Posted by: Jack Henry | October 17, 2016

Editor’s Corner: Why Do We Study Grammar?

Good morning, crew!

Recently, I read an article in the Parade magazine in my local Sunday newspaper. A reader asked Marilyn Vos Savant why it’s important to be able to identify the parts of speech. Many people ask me why it’s necessary to study grammar at all. I thought that Marilyn’s answer was right on point: we all want to be understood.

Q: You once explained why so much class time is spent on identifying parts of speech, such as whether a verb is reflexive, when no one uses this knowledge in life. Could you expand on the subject for my family?

A: I spent seemingly endless hours diagramming complex sentences in grade school, and I’ll always be thankful for the experience. (Not that I thought so at the time!) You need to learn every rule of grammar because this lays the foundation for high-quality adult communication. And I don’t mean pretentious speech. I mean the ability to express yourself clearly and well. This is much harder than it sounds. [dbb – That’s the truth!]

[dbb – This is the good part.] Less-than-excellent grammar dooms one to a life of being misunderstood. How many times have you said, “No, I meant…”? (And how often have you listened to a person telling you about something for a couple of minutes before you finally figured out what he or she was talking about?) Misplacing even one pronoun can totally confuse a listener. Worse, you usually don’t realize this is happening. Your listeners just get it wrong.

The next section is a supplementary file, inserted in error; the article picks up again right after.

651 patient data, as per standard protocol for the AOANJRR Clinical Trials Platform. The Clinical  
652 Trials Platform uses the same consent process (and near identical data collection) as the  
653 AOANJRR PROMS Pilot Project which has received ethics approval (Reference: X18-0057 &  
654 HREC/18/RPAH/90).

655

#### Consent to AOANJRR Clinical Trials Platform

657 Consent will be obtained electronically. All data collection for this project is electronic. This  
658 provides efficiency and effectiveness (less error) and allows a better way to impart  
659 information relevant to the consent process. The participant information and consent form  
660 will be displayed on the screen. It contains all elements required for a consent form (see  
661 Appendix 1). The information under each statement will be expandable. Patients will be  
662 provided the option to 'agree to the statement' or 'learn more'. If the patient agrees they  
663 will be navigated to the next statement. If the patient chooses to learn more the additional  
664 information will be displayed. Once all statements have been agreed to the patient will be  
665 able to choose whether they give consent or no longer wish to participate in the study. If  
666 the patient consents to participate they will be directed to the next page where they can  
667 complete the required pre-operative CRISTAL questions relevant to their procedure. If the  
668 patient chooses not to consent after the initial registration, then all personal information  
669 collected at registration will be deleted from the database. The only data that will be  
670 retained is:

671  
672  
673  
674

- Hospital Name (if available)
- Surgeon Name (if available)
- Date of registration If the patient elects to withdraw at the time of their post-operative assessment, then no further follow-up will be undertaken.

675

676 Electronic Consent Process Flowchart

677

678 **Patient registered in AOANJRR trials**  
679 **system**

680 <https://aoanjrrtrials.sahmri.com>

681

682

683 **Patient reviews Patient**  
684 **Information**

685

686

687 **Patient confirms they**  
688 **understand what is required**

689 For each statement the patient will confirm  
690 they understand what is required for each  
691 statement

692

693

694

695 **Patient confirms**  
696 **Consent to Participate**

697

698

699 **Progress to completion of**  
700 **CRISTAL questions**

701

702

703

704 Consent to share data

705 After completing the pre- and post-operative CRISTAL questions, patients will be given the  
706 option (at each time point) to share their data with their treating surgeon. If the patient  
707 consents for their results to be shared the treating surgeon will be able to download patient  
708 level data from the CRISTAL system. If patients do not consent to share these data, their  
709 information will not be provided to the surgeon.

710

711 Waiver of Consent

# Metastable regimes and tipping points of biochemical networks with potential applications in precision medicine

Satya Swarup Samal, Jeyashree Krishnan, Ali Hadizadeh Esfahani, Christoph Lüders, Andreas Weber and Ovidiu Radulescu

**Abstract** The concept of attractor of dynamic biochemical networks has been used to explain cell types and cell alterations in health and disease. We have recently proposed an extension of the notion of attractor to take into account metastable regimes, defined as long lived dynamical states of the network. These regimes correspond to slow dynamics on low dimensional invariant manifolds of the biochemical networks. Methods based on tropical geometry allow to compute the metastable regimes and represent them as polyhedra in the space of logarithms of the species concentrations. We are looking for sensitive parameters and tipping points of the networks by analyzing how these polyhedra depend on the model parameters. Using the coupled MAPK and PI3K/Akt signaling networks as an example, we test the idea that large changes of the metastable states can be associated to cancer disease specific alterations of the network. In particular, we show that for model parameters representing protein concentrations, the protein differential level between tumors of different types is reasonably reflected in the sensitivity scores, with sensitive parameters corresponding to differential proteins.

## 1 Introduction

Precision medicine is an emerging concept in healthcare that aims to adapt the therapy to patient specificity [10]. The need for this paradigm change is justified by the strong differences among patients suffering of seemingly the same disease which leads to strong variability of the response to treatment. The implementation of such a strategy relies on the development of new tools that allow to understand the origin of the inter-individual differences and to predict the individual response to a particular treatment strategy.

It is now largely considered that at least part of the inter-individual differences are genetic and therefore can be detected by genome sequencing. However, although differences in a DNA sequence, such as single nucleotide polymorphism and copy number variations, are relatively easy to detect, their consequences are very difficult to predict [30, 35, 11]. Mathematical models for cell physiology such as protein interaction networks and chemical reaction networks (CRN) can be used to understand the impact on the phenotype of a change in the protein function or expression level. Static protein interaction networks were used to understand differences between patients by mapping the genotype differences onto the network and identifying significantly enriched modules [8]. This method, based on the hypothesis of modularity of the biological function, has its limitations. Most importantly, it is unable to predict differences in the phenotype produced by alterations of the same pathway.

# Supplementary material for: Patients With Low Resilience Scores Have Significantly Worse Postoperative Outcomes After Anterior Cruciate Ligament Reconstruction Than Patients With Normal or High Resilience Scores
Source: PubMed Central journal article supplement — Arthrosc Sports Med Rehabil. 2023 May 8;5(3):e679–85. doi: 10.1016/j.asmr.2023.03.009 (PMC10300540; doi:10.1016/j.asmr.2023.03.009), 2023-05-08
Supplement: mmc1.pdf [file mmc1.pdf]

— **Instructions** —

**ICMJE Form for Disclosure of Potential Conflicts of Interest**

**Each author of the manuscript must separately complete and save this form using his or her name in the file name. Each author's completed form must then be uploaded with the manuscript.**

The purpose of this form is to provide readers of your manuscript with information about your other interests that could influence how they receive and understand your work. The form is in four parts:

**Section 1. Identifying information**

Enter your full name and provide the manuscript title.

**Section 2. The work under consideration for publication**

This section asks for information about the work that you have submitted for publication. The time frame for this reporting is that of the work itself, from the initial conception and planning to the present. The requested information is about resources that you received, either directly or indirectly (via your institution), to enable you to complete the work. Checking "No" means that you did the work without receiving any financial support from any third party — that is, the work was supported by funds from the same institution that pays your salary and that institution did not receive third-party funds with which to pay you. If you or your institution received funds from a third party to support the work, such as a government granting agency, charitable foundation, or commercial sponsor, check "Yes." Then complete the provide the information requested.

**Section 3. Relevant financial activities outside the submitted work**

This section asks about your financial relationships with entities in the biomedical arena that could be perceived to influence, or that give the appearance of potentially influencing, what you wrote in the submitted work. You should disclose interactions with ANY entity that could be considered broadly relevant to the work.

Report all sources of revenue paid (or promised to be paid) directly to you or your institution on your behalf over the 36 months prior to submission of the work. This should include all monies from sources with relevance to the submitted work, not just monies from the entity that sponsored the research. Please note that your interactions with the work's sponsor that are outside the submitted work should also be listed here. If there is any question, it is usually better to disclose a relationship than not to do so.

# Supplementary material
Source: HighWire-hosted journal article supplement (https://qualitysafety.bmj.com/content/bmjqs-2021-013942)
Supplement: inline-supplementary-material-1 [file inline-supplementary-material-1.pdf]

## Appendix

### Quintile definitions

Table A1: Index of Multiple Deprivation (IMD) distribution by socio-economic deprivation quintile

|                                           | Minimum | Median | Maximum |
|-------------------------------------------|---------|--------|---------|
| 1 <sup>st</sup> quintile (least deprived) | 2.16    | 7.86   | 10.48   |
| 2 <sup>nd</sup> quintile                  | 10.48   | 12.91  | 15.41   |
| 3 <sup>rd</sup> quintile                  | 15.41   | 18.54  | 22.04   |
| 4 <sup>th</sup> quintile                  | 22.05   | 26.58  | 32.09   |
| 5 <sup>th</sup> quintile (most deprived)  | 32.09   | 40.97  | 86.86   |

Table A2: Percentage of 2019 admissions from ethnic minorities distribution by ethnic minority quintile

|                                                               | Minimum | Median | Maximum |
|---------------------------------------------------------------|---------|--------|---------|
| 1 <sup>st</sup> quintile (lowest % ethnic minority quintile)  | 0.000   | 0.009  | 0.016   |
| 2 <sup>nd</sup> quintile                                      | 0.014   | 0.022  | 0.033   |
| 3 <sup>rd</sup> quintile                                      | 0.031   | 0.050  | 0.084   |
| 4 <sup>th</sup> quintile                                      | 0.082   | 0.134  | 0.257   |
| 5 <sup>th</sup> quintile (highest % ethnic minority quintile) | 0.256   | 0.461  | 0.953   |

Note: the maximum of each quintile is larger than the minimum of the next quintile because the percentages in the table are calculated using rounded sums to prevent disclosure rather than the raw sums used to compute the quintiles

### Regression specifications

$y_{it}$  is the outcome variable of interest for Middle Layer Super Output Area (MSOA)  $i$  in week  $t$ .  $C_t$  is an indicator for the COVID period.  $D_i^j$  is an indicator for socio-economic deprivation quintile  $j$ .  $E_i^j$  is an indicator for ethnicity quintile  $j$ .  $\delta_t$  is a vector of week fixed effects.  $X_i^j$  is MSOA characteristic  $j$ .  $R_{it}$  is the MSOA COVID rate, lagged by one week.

When you’re writing, you are obviously not face-to-face with your audience, and you don’t have the benefit of observing anyone’s confused facial expression, so you may not know that your message was not understood. Lucky for you, you have editors who would be more than happy to review anything you write. Symitarians can use this link to submit any type of business-oriented written correspondence to a Symitar editor. Folks at JHA can use this link.

You may not be interested in diagramming sentences or studying grammar books and articles (although some of us nerds find no end of pleasure in that kind of reading), but you can do the right thing and take the time to express yourself clearly. When communicating with others, especially clients, it should never be acceptable to say, “That’s good enough.”

Donna Bradley Burcher | Senior Technical Editor | Symitar®

8985 Balboa Ave. | San Diego, CA 92123 | Ph. 619.278.0432 | Extension: 765432

Symitar Technical Publications Writing and Editing Requests

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